Then there are messages the male species receives from his home nest. Scientists have discovered that a communique from the bird's mother also generates fluids. Some sort of supportive, loving command is in these dispatches, but of course scientists don't know exactly what.

When the camo-coated groundpounder's father communicates, the message doesn't generate fluids. It doesn't generate much of anything, it's been learned, except what has been called as an "aviary sigh." The message, researchers theorize, simply reminds the species that he is now a big bird.

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What comes out of the beaks of camo-coated groundpounders has long fascinated ornithologists. It's not a contented chirp, nor a calm caw. The best that bird students can tell is that this noise is more of a squawk that shows annoyance or frustration. These sounds are not at all pleasant to the ear. Speech pathologists liken the noises to human curses. There are approximately seven chief sounds, used intermittently and interchangeably. Often, it appears, the sounds are both subjects, verbs and objects of a so-called "sentence," and these sentences frequently have no other sounds in them except these.

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There doesn't seem to be a camo-coated grounderpounder that does not care to eat something called a Choco-Pie, a round cake-like snack that the species manages to find in well-inhabited places.

The relationship with a Choco-Pie starts early in a camo-coated's life, not long after the feathers atop and on the sides of his head suddenly diminish. There are big supplies of these food items where the birds perch, but only when they have behaved, it seems, are they available, and even then under supervision.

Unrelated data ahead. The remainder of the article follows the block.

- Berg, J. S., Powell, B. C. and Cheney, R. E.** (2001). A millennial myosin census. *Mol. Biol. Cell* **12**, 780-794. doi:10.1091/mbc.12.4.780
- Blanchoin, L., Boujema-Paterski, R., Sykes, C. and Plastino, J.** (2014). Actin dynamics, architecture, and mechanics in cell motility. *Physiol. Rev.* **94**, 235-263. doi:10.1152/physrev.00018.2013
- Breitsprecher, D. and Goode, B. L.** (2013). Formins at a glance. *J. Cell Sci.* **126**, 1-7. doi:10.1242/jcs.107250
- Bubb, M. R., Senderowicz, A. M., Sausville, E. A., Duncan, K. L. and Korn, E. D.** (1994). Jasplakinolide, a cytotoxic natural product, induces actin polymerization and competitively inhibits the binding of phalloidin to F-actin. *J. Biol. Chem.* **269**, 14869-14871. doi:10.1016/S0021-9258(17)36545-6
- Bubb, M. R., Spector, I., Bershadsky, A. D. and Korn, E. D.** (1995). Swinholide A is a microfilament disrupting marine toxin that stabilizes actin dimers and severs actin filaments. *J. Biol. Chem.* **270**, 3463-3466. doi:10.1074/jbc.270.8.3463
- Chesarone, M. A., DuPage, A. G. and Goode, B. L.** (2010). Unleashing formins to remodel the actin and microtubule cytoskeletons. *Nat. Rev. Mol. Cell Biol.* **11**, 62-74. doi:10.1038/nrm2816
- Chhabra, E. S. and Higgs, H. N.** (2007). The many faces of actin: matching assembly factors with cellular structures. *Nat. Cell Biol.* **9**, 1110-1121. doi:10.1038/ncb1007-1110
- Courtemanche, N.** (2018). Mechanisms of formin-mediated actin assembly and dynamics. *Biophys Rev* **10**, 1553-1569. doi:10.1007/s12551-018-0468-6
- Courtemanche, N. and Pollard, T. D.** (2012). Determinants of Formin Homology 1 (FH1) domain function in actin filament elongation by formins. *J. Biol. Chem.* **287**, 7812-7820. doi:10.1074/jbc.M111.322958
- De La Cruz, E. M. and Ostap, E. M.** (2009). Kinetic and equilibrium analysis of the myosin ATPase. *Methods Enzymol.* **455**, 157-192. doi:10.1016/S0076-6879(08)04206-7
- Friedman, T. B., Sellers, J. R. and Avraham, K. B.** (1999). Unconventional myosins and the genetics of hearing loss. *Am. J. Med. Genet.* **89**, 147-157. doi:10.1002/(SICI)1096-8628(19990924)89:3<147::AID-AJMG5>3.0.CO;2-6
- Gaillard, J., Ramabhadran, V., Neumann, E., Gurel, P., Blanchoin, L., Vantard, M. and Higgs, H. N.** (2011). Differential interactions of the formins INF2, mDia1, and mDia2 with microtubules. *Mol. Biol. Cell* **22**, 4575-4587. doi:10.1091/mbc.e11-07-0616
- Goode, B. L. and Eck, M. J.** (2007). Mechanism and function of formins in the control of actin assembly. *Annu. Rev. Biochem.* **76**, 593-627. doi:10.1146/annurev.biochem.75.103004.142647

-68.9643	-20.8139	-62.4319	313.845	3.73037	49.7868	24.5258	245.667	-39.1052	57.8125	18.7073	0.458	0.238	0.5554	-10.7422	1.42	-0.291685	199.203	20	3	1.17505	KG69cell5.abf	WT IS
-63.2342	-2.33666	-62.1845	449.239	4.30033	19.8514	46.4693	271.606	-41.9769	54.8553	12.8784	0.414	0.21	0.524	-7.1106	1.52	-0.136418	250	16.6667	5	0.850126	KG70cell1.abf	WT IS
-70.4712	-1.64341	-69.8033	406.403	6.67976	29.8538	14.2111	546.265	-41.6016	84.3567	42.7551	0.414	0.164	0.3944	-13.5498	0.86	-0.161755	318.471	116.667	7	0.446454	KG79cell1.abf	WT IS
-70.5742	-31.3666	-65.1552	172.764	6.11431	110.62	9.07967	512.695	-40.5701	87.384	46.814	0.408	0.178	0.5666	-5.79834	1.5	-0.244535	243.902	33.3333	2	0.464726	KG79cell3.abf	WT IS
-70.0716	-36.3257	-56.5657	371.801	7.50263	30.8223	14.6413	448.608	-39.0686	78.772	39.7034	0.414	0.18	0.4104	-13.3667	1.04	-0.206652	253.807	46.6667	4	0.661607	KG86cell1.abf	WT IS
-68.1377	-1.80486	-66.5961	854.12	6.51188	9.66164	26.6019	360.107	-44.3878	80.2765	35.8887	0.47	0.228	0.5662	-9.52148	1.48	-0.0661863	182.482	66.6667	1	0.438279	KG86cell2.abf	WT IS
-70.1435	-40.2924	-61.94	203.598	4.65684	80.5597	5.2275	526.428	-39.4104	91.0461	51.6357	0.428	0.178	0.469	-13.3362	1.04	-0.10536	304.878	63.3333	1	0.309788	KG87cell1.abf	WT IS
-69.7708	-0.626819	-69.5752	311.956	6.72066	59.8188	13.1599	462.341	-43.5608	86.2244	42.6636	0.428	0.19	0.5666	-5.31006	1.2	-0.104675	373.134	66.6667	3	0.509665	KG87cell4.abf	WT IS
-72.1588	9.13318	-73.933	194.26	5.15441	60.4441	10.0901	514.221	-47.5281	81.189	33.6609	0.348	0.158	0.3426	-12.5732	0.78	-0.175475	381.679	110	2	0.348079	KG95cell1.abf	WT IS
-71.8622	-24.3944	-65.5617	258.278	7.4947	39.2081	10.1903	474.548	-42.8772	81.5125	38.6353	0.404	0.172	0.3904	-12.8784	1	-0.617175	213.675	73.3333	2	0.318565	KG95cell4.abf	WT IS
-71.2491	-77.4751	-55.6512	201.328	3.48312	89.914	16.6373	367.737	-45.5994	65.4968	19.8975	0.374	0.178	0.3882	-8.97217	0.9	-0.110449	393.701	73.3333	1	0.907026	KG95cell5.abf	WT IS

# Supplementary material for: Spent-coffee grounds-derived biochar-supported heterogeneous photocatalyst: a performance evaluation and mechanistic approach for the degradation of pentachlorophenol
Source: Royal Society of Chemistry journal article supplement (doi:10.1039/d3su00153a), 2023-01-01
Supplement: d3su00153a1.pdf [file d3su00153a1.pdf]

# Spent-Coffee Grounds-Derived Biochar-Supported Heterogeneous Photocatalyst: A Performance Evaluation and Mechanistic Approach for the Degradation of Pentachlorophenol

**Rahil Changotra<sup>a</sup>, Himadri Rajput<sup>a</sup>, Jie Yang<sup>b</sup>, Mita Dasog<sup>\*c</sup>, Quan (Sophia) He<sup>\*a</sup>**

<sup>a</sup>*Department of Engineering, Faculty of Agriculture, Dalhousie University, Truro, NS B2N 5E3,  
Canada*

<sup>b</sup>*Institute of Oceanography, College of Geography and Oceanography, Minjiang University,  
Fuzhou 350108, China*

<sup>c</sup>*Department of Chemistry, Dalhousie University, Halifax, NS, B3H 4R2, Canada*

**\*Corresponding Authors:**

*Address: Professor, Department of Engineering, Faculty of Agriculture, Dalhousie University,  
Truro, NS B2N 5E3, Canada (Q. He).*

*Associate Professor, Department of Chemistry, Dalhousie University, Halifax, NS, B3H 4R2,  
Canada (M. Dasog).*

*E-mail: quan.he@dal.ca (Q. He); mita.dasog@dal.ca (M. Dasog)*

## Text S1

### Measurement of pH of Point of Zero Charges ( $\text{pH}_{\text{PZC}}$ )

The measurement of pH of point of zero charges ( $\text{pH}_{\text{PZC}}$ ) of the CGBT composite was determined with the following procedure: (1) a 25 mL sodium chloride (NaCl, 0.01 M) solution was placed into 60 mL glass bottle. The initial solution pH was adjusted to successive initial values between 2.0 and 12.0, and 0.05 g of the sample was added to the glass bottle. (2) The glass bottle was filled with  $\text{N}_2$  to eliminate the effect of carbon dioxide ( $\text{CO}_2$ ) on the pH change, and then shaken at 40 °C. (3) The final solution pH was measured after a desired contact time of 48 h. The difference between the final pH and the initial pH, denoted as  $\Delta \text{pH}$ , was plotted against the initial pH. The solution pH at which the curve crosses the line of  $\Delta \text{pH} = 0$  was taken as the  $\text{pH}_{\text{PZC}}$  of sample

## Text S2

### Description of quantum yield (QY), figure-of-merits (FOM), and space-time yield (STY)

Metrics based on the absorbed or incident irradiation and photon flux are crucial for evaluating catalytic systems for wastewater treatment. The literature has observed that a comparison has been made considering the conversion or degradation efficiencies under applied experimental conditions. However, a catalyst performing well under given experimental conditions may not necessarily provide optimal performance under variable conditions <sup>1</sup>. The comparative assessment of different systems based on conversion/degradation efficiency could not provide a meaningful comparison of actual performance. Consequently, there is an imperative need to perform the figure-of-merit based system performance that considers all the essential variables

Apparently at this point in their lives the species has trouble finding enough to eat. The bird is away from his family and flying in these large formations and his deep hunger comes regularly. Choco-pies fill the need and he often brings them back to nests he shares with up to 30 other male birds of the species. Often at night he consumes these pies or else a plastic package of worm-like snacks, to which he adds hot water. For a long time experts thought this item bore an ancient Roman origin, but now it's believed to be ramen.

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When the camo-coated groundpounder leaves the nest for these extended 26- to 30- month periods, he flies to his home nest periodically. Upon his return to the bigger nest he shares with other groundpounders, the camo-coater carries a bag that he has put together during his brief weekend sojourn. Usually the birds' mothers have helped fill the bag with chicken-like items and what ornithologists believe are rice cakes. The camo-coated groundpounder has added such oddities as the recorded sounds of other birds singing and packages of white sticks that always make the bird sputter uncontrollably, as if coughing.

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When a camo-coated groundpounder ages, he seems to like nothing more than gathering with other camo-coaters and apparently chirping about when they flew together in formation as younger birds. They also appear to love playing with these big round balls kicked about when they were in these flying squadrons. Half a day, it seems, was spent kicking the white ball.

For some reason the female species of this bird hate these chirp sessions more than anything they have ever been around, and will quickly buzz off at merest start of such a session.


by Brian Lee